Tasty Bacon-Pumpkin Pasta
Serves 4-6
3-4 cups dry penne pasta (or your favourite pasta)
2 cups pumpkin puree (1 large tin)
6 strips bacon
2 garlic cloves minced
1 tbsp parsley, finely chopped
¾ cream or whole milk
pinch of sage
pinch of nutmeg

1 cup parmesan cheese, grated
Toasted chopped pecans for garnish, if desired

Boil penne to al dente. In a deep fry pan cook bacon until crisp, drain on paper towels to absorb grease and dice into thin strips. Discard all but 1 tbsp bacon fat from fry pan. Lower fry pan heat to med-low and cook garlic in remaining bacon fat. Stir often to prevent it from burning. Add the pumpkin, parsley, sage, nutmeg and cream. Stir until warmed. DO NOT BOIL. (If you wish, reserve some of the sauce and Parmesan cheese for another meal at this point.) Drain pasta. Stir Parmesan cheese into pasta, then stir in sauce. Mix well and serve immediately. Top each serving with toasted chopped pecans.
Bon App├ętit!

Thursday, October 6, 2011

The Good Apple - In Memory of Steve Jobs (1955-2011)

....Steve Jobs and his Apple products made creative and sensible thinking, cool.

Just imagine if Steve Wozniak and Steve Jobs hadn’t chosen “Apple” as the brand name for their computer company way back in 1976. The personal computer might not be where it is today, IBM might still be telling us to “Think” and we’d probably be downloading our favourite tunes to Lemons. Those smart Steves, must have known naming their little company after the most popular fruit in North America would guarantee success. No other fruit bears quite the same healthy, virtuous, down-to-earth reputation among North American consumers as the apple, known everywhere as a portable, reliable, nutritious snack, and packed with Vitamin A and C. The McIntosh apple, by the way, is the all-time favourite among consumers and coincidentally, the name of the two Steves’ first generation of computers. Yes, there’s something highly resilient and entrepreneurial in the name McIntosh. The Steve and Steve team enticed people to take a bite out of the PC market, buy their Macs and “Think Different.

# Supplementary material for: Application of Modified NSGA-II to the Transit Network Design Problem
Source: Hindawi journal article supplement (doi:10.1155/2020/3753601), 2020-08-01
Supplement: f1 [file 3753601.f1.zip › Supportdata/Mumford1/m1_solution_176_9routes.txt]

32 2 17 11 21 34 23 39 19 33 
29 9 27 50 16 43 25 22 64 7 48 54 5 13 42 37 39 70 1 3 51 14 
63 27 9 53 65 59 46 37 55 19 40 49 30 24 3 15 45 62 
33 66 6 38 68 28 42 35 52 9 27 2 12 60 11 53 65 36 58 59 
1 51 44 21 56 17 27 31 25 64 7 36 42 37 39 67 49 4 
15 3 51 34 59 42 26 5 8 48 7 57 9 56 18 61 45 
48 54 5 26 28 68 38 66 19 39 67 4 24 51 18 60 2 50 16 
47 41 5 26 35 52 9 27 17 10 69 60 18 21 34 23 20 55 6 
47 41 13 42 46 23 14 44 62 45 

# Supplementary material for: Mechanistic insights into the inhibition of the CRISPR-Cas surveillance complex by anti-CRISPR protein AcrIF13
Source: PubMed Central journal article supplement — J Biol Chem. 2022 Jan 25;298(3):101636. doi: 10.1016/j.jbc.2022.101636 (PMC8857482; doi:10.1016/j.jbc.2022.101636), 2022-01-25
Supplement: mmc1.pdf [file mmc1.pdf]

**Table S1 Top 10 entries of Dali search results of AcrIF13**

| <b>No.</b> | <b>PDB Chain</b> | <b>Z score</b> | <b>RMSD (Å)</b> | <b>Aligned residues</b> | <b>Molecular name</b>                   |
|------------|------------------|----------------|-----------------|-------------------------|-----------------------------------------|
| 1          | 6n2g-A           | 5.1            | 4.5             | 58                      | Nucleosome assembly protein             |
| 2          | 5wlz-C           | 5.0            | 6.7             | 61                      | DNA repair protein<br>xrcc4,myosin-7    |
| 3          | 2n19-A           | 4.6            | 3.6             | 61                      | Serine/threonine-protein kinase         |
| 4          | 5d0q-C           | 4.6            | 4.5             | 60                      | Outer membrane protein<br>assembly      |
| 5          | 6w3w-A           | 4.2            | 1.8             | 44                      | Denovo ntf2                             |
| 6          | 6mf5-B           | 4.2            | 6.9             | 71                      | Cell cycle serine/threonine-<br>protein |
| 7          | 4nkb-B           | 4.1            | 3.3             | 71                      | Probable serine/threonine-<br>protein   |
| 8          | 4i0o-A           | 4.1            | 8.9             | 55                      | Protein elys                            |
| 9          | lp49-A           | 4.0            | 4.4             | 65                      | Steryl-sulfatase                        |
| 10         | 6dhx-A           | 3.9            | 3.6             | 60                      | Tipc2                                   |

Similar to Steve Jobs' success, the apples from the very first McIntosh Apple tree, grown in the Ottawa Valley 200 years go, took a bite out of the apple market.

Rumour has it, John McIntosh, the son of Scottish immigrants discovered an overgrown orchard on his property near Ottawa and transplanted 20 of the healthiest seedlings to new ground. Only one tree survived and the apples from this singleton drew the praises from his admiring neighbours. With a stubborn entrepreneurial spirit and the drive to capitalize on his find, McIntosh learned how to successfully duplicate the apple of his eye. At first, apple growers did not want to grow the “Mac” because it was susceptible to pests and disease. By the early 1900’s, however, as spraying techniques were more widely used, the little McIntosh became more virulent and very popular among apple growers and consumers alike.

Today, tart and tasty McIntosh apples are cultivated in nearly every apple growing area of North America, including Eastern Ontario.

A few tips about apples:

  • It takes four apples to make a glass of pure apple juice.
  • Three medium apples equals about 1 lb. (500 g).
  • One medium apple yields about 1/4 cup (175 mL) sliced apples

Try these recipes to explore this Fall’s bounty:


The Steve Jobs No-Fail Spicy Apple Tart

Use McIntosh, Cortland, Spy or Newtown Apples.

Pastry:

2 cups all purpose flour

2 tbsp white sugar

¼ tsp salt